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Florida Chapter of NAPNAP

New H1N1 Guideline Update from CDC

Posted over 9 years ago by Janel Saunders

From the CDC....see below:

From CDC Web Site updated yesterday afternoon : see illustration below! 


Most healthy persons who develop an illness consistent with influenza, or persons who appear to be recovering from influenza, do not needantiviral medications for treatment or prophylaxis. However, persons presenting with suspected influenza and more severe symptoms such as evidence of lower respiratory tract infection or clinical deterioration should receive prompt empiric antiviral therapy, regardless of previous health or age. 

Treatment with oseltamivir or zanamivir is recommended for all persons with suspected or confirmed influenza requiring hospitalization.

Early empiric treatment with oseltamivir or zanamivir should be considered for persons with suspected or confirmed influenza who are at higher risk for complications including:

  • Children younger than 2 years old;
  • Persons aged 65 years or older
  • Pregnant women
  • Persons of any age with certain chronic medical or immunosuppressive conditions (see page 3); and, Persons younger than 19 years of age who are receiving long-term aspirin therapy.

Children 2 year to 4 years old are more likely to require hospitalization or urgent medical evaluation for influenza compared with older children, although the risk is much lower than for children younger than 2 years old. Children aged 2 years to 4 years without high risk conditions (see page 3) and with mild illness do not necessarily require antiviral treatment.

Treatment, when indicated, should be initiated as early as possible because studies show that treatment initiated early (i.e., within 48 hours of illness onset) is more likely to provide benefit.

Actions that should be taken to reduce delays in treatment initiation include:

  • Informing persons at higher risk for influenza complications of signs and symptoms of influenza and need for early treatment after onset of symptoms of influenza (i.e., fever, respiratory symptoms);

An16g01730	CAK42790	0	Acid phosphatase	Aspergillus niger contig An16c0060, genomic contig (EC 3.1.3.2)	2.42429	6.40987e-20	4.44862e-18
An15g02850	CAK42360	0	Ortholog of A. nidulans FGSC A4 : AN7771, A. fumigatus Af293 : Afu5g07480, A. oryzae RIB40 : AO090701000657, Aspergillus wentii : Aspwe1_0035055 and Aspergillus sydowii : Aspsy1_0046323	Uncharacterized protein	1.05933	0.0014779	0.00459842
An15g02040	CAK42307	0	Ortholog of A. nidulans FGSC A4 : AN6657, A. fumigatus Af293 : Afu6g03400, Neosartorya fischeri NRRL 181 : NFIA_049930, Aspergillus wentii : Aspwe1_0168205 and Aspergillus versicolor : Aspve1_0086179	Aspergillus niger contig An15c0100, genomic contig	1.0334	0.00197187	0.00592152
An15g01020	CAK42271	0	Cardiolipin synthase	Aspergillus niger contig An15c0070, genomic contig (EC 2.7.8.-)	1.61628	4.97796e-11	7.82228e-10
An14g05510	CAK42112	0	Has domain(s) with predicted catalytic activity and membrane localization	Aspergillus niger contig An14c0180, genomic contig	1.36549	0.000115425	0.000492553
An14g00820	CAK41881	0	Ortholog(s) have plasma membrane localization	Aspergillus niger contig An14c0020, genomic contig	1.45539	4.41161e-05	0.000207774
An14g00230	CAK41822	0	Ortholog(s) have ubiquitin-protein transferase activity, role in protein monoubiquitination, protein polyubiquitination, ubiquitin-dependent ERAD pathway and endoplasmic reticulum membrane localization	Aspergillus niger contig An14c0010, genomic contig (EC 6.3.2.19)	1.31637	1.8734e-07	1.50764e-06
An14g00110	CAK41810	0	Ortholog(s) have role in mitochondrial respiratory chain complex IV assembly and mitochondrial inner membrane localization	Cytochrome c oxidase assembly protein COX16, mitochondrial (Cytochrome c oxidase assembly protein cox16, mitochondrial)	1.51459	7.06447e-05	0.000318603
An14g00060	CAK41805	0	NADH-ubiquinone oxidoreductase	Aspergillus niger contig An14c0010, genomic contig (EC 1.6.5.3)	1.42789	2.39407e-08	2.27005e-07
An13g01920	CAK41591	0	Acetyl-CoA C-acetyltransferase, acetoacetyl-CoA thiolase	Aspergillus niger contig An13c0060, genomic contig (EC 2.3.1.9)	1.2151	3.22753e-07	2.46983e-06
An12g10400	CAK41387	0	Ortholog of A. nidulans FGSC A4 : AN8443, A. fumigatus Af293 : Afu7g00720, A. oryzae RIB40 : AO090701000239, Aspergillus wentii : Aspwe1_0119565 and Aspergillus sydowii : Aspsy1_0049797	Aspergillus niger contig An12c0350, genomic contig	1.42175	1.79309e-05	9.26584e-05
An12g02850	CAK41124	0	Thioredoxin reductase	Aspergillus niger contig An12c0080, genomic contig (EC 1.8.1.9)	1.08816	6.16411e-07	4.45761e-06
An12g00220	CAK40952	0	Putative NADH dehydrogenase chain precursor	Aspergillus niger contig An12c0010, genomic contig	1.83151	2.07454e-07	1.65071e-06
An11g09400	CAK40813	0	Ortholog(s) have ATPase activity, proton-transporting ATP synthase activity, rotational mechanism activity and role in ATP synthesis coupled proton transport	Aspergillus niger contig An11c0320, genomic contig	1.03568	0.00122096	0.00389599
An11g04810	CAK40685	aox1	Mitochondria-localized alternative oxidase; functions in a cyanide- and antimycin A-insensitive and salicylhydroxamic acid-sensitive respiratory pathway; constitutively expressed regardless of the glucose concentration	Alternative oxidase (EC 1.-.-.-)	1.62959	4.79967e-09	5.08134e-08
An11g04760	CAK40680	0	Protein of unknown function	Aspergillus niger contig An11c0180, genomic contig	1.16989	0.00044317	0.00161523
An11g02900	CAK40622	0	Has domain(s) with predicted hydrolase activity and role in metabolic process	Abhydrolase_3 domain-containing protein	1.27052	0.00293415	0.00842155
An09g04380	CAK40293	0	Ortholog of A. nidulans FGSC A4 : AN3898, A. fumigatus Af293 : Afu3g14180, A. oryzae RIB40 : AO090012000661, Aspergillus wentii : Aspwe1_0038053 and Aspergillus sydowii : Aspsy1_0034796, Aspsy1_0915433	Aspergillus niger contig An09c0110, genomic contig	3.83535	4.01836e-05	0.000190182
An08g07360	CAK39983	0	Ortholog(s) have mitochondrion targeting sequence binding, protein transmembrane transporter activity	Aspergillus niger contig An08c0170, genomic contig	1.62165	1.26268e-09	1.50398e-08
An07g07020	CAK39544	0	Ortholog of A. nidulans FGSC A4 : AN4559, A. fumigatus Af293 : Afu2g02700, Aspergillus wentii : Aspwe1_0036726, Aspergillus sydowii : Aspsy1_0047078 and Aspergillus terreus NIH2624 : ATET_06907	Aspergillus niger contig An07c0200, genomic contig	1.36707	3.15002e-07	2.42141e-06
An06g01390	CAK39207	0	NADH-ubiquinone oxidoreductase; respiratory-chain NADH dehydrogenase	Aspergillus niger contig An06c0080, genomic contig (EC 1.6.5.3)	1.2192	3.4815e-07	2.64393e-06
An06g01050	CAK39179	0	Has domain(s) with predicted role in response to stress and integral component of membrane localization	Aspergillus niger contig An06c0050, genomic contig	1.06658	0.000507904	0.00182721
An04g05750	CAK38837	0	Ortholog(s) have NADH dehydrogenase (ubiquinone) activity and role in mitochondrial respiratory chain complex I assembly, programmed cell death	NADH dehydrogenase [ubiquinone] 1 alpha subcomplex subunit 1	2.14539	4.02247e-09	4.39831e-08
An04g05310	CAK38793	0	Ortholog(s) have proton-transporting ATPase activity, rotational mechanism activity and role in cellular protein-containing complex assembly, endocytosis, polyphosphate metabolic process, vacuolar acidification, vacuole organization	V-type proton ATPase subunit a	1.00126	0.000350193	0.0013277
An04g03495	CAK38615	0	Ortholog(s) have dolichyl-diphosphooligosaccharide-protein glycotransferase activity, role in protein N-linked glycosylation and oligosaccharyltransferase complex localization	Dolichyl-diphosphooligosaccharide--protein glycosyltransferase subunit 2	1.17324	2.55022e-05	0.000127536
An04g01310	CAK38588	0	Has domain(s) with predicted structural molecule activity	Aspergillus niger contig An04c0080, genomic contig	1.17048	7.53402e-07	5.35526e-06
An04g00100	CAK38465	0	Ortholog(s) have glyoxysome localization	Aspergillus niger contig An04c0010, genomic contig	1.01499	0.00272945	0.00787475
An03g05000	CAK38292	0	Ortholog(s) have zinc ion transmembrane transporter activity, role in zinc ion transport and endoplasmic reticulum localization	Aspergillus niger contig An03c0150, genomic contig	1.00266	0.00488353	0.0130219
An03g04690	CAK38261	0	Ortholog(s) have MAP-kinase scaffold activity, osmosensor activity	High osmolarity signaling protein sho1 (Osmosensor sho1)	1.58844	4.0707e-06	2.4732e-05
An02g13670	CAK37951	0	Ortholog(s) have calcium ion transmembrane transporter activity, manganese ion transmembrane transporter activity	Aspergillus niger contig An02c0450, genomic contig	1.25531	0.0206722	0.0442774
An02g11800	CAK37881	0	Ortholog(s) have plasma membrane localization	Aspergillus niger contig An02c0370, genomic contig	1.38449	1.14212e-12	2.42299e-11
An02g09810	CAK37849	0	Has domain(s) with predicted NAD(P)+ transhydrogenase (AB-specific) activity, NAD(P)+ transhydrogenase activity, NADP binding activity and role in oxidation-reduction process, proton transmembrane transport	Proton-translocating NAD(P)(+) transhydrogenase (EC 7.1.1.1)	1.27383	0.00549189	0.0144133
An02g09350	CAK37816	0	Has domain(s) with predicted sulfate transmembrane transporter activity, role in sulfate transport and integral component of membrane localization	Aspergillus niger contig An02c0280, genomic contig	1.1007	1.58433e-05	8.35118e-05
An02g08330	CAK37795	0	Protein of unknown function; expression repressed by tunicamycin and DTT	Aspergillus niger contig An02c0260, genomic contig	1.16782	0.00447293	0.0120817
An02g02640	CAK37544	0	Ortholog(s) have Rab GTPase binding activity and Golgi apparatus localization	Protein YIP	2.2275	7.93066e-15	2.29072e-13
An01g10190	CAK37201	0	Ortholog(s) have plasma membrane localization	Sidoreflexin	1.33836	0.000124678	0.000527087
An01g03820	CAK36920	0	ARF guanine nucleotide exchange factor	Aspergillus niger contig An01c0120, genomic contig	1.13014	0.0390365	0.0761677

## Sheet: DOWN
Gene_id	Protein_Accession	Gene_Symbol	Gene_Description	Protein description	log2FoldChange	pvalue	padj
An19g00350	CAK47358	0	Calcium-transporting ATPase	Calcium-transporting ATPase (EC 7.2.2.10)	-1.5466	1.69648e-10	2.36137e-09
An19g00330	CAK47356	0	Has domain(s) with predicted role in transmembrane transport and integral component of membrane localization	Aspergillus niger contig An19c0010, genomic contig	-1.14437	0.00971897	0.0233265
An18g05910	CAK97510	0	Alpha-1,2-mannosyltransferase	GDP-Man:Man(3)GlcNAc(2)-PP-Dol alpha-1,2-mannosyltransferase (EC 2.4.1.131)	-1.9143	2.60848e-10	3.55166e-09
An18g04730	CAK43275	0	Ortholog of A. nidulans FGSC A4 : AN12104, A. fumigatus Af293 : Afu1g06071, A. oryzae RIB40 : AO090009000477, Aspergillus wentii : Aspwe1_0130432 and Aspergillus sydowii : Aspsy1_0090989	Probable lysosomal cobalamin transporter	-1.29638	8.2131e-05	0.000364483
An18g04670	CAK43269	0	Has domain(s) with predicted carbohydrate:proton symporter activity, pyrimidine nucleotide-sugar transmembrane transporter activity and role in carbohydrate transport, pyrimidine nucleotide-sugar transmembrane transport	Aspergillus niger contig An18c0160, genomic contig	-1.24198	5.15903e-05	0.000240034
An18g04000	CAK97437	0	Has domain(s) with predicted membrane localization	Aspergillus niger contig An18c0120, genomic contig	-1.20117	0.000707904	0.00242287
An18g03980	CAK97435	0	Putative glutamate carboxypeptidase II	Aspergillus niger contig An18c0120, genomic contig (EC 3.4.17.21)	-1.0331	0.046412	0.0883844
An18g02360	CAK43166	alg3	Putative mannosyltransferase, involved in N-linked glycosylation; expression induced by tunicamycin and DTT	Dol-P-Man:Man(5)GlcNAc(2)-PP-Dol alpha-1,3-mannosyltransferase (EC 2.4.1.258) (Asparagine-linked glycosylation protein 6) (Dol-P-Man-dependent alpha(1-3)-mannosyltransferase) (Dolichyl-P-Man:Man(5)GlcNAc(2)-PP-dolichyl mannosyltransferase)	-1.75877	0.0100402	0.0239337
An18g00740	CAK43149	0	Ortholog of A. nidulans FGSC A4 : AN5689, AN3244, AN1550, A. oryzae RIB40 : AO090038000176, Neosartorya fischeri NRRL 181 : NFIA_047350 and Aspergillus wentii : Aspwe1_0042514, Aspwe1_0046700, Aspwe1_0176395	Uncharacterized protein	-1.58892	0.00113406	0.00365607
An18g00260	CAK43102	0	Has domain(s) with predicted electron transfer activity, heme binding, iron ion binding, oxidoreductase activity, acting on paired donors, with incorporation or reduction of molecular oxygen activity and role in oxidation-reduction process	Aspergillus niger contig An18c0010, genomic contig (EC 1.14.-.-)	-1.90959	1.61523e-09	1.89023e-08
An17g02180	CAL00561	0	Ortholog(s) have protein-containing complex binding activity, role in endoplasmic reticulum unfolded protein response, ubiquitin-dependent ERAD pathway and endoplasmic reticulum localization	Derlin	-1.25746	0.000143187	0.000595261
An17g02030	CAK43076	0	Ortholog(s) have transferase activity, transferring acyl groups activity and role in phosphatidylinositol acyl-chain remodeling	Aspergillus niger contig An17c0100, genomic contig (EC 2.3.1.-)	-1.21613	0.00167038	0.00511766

• Ensuring rapid access to telephone consultation and clinical evaluation for these patients as well as patients who report severe illness;
  • Considering empiric treatment of patients at higher risk for influenza complications based on telephone contact if hospitalization is not indicated and if this will substantially reduce delay before treatment is initiated.

Treatment should not wait for laboratory confirmation of influenza because laboratory testing can delay treatment and because a negative rapid test for influenza does not rule out influenza. The sensitivity of rapid tests in detecting 2009 H1N1 has ranged from 10% to 70%. Information on the use of rapid influenza diagnostic tests (RIDTs) can be found at http://www.cdc.gov/h1n1flu/guidance/rapid_testing.htm.

Testing for 2009 H1N1 influenza infection with real-time reverse transcriptase-polymerase chain reaction (rRT-PCR) should be prioritized for persons with suspected or confirmed influenza requiring hospitalization and based on guidelines from local and state health departments.

Consideration for antiviral chemoprophylaxis should generally be reserved for persons at higher risk for influenza-related complications who have had contact with someone likely to have been infected with influenza. However, early treatment is an emphasized alternative to chemoprophylaxis after a suspected exposure. Household or close contacts (with risk factors for influenza complications) of confirmed or suspected cases can be counseled about the early signs and symptoms of influenza, and advised to immediately contact their health care provider for evaluation and possible early treatment if clinical signs or symptoms develop.




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